And, to return to your earlier statement, this will impede Iran’s enrichment program. The top scientist has been eliminated. Other nuclear scientists will have second thoughts about taking his place, and younger talent will consider safer fields. Moreover, the Iranians will have to carefully review their security protocols to see if there’s a traitor in their midst and how they can better protect scientists in the future. These are all obstacles to their progress. It won’t be enough to stop the program in its tracks, but it will slow it down and increase the pressure on Tehran.
EA: You’re probably right there. But there was no urgent risk here to justify this assassination— other than Israel’s fear that President-elect Joe Biden will seek a new deal with Iran. And that brings me to my next point: How often do we think that the United States or its allies can do this kind of thing before it creates blowback? Sure, this was the Israelis, not the United States. But when you add it to the Qassem Suleimani killing at the start of this year, I have to wonder how long it will be before Iran—or some other country—decides that it’s OK to assassinate senior U.S. military or intelligence officials driving home from work in suburban Virginia.
At least here, the risk is low because of the change in U.S. administration. What do you think? Will this all make it harder for Biden to deal with Iran?
MK: I think the risk is low mostly because of U.S. escalation dominance. Iran doesn’t want a major war with the Pentagon. Tehran will talk about retaliation, but it will choose a de-escalatory, face-saving response (such as a cyberattack) if it does anything at all.
Most commentators say this will hurt the chances for diplomacy, but I am not so sure. Americans tend to think that one prepares for diplomacy by being nice, but Iran only makes concessions under pressure. The last spate of assassinations of Iranian scientists from 2010 to 2012 directly preceded serious negotiations toward the 2015 nuclear deal.
EA: I don’t think this will hurt the chances for diplomacy too much, but I have no doubt that’s what it was intended to do. A lot of the actions that the Israelis—and the Trump administration— have taken toward Iran in recent months have been designed to make it as domestically unpalatable as possible for Iranian leaders to push for renewed diplomacy with the United States. But the incentives are still huge.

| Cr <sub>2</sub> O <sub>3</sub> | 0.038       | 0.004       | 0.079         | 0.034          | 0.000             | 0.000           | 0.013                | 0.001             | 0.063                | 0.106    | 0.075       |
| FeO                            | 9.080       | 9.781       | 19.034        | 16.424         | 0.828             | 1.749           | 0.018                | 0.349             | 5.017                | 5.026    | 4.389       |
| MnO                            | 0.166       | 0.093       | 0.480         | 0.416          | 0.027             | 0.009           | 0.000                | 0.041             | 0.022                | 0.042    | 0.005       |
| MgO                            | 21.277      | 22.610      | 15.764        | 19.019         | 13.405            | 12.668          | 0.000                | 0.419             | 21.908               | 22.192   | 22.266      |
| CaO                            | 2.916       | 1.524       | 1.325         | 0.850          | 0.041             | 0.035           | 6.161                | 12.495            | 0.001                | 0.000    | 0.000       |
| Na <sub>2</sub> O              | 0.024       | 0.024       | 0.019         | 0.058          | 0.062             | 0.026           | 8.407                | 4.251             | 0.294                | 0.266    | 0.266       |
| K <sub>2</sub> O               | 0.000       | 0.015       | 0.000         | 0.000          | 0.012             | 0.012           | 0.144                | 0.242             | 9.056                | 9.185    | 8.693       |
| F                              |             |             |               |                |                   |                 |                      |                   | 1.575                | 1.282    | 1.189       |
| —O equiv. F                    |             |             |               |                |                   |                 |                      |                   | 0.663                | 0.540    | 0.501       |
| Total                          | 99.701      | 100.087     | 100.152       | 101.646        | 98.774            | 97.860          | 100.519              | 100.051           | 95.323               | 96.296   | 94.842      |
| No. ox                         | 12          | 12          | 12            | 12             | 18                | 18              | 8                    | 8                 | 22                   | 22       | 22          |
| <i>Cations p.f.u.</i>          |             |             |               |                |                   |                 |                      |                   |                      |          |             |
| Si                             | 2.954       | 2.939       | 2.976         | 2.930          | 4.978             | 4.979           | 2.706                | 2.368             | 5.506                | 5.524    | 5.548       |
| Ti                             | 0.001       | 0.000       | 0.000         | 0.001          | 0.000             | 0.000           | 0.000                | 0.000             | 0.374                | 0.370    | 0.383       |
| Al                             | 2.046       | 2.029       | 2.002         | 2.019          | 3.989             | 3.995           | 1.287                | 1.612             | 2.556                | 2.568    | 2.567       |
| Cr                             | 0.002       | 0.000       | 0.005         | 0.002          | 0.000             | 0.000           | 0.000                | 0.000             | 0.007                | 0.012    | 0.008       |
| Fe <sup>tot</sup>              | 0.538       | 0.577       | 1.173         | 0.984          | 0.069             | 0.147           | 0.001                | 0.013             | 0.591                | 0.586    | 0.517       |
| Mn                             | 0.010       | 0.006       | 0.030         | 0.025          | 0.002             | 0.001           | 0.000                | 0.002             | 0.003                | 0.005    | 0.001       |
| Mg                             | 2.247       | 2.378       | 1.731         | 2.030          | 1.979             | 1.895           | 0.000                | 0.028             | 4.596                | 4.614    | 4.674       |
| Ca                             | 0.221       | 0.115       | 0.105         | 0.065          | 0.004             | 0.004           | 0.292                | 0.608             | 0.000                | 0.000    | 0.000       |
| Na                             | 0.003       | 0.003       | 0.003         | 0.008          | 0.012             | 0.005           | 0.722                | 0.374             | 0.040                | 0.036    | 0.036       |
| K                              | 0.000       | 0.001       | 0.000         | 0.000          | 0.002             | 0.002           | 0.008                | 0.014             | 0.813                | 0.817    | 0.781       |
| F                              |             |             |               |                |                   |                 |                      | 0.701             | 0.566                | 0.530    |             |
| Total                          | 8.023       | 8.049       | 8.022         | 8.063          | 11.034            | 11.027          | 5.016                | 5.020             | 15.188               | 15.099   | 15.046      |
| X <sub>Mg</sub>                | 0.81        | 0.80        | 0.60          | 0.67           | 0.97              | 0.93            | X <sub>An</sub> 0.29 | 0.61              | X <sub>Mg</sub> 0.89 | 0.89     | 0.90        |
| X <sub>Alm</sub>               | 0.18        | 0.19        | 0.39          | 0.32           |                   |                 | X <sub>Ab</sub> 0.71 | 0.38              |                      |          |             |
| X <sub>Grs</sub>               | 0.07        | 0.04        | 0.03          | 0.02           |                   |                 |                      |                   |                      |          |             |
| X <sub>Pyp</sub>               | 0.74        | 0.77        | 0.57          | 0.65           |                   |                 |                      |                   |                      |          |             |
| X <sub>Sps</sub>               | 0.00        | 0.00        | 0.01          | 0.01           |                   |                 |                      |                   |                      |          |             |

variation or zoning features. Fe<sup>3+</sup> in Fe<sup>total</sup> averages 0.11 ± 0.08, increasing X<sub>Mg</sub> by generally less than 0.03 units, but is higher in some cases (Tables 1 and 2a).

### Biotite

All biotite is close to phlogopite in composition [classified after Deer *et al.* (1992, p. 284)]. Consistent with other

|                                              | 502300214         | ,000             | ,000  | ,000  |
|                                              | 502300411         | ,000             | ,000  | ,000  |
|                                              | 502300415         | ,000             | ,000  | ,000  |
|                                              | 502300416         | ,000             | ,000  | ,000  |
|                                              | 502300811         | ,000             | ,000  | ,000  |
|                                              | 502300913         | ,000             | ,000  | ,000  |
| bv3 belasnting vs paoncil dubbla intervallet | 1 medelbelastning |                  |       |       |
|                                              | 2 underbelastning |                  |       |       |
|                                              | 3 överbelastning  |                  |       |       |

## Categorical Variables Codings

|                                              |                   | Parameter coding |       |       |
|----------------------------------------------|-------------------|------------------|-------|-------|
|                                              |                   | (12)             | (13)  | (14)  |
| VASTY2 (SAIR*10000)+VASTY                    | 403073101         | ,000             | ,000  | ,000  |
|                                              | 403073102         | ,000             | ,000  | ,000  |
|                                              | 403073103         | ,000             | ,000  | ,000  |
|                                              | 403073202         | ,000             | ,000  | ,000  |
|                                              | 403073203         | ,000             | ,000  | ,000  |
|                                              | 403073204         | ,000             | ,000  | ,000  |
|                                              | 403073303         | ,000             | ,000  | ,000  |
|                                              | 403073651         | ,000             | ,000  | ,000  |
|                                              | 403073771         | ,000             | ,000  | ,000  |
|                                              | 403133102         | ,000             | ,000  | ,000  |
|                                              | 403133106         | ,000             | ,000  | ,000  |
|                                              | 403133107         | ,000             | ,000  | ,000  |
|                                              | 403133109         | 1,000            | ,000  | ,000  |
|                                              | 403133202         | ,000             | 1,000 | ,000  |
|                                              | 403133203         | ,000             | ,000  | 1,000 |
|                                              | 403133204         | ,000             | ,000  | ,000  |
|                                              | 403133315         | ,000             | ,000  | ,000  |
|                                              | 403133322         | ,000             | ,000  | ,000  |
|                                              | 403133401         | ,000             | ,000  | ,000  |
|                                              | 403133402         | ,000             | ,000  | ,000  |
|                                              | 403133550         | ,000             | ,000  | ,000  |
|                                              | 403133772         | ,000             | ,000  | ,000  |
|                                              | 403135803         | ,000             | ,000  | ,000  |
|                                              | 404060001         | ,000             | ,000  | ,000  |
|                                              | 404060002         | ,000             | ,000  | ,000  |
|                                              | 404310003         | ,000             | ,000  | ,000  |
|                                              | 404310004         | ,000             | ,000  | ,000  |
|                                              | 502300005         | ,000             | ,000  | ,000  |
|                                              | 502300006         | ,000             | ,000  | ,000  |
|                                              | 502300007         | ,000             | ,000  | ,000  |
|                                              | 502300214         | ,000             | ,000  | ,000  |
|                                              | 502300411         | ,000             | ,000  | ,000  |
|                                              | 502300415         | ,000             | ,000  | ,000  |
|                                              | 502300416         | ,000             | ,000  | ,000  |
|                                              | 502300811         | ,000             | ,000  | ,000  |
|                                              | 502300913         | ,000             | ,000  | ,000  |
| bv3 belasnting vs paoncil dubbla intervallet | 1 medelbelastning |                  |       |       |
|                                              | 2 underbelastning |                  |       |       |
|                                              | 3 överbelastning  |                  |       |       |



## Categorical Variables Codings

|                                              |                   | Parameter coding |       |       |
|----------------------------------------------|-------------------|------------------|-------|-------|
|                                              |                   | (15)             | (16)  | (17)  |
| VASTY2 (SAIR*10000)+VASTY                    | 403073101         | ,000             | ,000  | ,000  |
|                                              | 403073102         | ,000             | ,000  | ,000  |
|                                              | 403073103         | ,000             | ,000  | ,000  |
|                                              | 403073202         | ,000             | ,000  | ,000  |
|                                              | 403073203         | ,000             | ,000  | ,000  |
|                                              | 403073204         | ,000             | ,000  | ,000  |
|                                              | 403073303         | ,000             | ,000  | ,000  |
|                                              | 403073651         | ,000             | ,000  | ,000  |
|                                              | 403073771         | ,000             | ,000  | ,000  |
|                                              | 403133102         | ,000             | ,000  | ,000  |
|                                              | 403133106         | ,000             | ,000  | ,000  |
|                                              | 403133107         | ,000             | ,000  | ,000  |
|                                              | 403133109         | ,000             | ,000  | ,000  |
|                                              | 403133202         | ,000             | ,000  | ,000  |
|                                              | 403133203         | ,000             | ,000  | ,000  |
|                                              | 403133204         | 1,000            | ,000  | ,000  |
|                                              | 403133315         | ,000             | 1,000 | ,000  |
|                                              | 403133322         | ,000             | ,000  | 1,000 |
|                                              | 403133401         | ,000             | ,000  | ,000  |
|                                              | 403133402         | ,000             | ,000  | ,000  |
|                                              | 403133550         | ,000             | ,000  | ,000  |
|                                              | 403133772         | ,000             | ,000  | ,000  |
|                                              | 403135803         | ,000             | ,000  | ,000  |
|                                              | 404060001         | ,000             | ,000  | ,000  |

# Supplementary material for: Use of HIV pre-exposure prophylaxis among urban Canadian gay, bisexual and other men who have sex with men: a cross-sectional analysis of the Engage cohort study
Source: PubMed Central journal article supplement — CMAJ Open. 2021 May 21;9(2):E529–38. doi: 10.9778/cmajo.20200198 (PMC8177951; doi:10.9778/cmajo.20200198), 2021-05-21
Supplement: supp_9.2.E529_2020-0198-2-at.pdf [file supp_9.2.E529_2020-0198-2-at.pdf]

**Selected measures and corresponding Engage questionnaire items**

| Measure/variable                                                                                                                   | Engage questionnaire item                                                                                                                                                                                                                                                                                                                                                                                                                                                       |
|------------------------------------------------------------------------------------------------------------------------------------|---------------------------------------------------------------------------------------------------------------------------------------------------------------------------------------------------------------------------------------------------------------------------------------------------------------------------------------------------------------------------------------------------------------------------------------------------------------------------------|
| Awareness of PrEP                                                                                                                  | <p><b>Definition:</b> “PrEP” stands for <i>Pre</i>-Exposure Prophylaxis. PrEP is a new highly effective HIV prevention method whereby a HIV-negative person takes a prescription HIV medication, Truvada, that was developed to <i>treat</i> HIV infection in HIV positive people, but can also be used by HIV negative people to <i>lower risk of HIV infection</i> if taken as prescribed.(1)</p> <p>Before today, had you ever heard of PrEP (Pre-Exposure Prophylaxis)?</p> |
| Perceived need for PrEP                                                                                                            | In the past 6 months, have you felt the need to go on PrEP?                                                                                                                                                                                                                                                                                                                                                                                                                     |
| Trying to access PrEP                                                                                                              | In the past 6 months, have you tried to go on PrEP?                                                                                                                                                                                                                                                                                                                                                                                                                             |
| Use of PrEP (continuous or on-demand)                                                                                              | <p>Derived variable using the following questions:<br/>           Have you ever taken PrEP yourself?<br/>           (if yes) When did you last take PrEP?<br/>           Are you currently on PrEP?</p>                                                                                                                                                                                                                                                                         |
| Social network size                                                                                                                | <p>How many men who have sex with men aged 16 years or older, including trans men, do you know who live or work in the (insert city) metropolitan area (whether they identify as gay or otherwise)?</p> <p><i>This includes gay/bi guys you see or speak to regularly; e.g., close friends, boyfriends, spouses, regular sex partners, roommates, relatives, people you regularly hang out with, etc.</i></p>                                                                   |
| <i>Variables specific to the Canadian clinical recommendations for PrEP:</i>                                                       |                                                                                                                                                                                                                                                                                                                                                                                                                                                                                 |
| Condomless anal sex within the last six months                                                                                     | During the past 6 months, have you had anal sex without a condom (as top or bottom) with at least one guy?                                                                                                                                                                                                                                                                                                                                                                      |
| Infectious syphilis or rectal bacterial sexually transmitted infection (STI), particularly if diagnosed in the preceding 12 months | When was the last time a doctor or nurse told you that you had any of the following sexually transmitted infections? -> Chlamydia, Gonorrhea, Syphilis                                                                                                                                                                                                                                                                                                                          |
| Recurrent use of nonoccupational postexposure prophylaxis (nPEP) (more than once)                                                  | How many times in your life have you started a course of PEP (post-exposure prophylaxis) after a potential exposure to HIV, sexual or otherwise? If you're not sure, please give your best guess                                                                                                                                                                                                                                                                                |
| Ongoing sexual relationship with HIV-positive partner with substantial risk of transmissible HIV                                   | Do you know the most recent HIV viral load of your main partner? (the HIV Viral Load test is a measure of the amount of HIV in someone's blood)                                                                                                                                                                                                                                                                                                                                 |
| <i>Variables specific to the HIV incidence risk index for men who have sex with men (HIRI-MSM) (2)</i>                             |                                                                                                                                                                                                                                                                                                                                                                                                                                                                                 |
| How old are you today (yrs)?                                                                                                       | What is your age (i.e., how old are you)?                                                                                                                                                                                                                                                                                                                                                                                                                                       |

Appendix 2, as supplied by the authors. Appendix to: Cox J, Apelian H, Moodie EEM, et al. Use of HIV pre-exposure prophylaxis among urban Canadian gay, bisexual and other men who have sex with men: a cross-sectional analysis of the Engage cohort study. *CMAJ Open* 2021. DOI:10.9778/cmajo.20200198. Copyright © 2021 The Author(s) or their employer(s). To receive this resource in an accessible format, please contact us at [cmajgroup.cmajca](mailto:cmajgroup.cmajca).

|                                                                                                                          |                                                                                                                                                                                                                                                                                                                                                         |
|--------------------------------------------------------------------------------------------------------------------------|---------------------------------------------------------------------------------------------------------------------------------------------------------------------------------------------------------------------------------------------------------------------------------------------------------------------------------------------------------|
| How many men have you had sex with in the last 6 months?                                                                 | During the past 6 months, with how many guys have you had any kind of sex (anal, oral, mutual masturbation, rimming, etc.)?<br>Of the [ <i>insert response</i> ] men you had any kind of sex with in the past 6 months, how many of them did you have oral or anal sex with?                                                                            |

As Biden pointed out just this week, dealing with the nuclear issue is still the best way to start pushing for regional stability and improving Iran’s behavior in other areas. The new administration is keen to get diplomacy moving here.
MK: Indeed. I suspect a return to the 2015 nuclear deal is in the works whether one likes it or not.
Speaking of the new administration, the other prominent national security discussion in Washington this week is about Biden’s cabinet picks, which he announced since our last column. I must say, I think it is the start of a good team. I have a lot of respect for the experience and judgement of people like Antony Blinken and Jake Sullivan. And I hope Michèle Flournoy is named defense secretary. I worked for her when she was President Barack Obama’s undersecretary of defense for policy, and she was a great boss and is widely admired.
EA: You know, that’s what I keep hearing from everyone. That she’s a nice person, a wonderful mentor, and extremely well-qualified. There’s also a strong argument to be made that getting a woman into the defense secretary’s job would be a major step forward for the cause of gender equality in national security.
That said, I’d like us to get to a place where it’s not a trade-off between gender equality and problematic foreign-policy views. Because Flournoy has some worrying views. She’s consistently supported military interventions throughout her career, she’s always pushed for bigger defense budgets, and she’s extremely hawkish on China. Hardly a good match for Biden’s views.
MK: Interesting. My only concern about her views is that she may be insufficiently committed to defense spending. Specifically, she has questioned the need to modernize all three legs of the nuclear triad, and I believe all are critical for nuclear deterrence.
But we are in a major-power competition with China, the military balance in Asia is shifting, so I think we need a defense secretary who understands the gravity of the challenge and is ready to stand up to Beijing.
EA: That’s kind of my point, Matt. If defense hawks believe that Michèle Flournoy’s views will make her an excellent defense secretary candidate, I’m concerned!